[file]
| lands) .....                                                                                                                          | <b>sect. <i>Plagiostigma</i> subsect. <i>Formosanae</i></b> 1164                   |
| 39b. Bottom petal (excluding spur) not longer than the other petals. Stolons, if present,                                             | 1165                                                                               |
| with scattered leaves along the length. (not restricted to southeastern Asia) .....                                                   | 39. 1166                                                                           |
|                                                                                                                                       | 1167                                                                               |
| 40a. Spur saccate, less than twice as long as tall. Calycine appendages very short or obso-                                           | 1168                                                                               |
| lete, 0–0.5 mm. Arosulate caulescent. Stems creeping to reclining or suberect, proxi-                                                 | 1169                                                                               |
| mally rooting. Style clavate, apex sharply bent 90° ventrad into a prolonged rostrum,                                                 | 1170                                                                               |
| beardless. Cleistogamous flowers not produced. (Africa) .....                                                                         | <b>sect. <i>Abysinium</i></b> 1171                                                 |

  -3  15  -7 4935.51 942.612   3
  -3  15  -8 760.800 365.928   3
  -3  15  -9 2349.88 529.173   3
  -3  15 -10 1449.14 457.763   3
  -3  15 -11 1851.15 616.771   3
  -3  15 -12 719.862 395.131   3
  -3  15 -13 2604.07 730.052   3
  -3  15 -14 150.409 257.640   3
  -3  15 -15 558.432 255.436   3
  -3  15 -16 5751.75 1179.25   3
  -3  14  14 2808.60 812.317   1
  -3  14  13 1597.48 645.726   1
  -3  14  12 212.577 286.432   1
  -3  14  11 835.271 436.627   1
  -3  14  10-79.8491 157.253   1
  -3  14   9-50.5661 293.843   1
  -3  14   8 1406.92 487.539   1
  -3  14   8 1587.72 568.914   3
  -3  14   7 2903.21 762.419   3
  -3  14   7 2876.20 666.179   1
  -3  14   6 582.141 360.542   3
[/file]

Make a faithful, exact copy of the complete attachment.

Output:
| lands) .....                                                                                                                          | <b>sect. <i>Plagiostigma</i> subsect. <i>Formosanae</i></b> 1164                   |
| 39b. Bottom petal (excluding spur) not longer than the other petals. Stolons, if present,                                             | 1165                                                                               |
| with scattered leaves along the length. (not restricted to southeastern Asia) .....                                                   | 39. 1166                                                                           |
|                                                                                                                                       | 1167                                                                               |
| 40a. Spur saccate, less than twice as long as tall. Calycine appendages very short or obso-                                           | 1168                                                                               |
| lete, 0–0.5 mm. Arosulate caulescent. Stems creeping to reclining or suberect, proxi-                                                 | 1169                                                                               |
| mally rooting. Style clavate, apex sharply bent 90° ventrad into a prolonged rostrum,                                                 | 1170                                                                               |
| beardless. Cleistogamous flowers not produced. (Africa) .....                                                                         | <b>sect. <i>Abysinium</i></b> 1171                                                 |

  -3  15  -7 4935.51 942.612   3
  -3  15  -8 760.800 365.928   3
  -3  15  -9 2349.88 529.173   3
  -3  15 -10 1449.14 457.763   3
  -3  15 -11 1851.15 616.771   3
  -3  15 -12 719.862 395.131   3
  -3  15 -13 2604.07 730.052   3
  -3  15 -14 150.409 257.640   3
  -3  15 -15 558.432 255.436   3
  -3  15 -16 5751.75 1179.25   3
  -3  14  14 2808.60 812.317   1
  -3  14  13 1597.48 645.726   1
  -3  14  12 212.577 286.432   1
  -3  14  11 835.271 436.627   1
  -3  14  10-79.8491 157.253   1
  -3  14   9-50.5661 293.843   1
  -3  14   8 1406.92 487.539   1
  -3  14   8 1587.72 568.914   3
  -3  14   7 2903.21 762.419   3
  -3  14   7 2876.20 666.179   1
  -3  14   6 582.141 360.542   3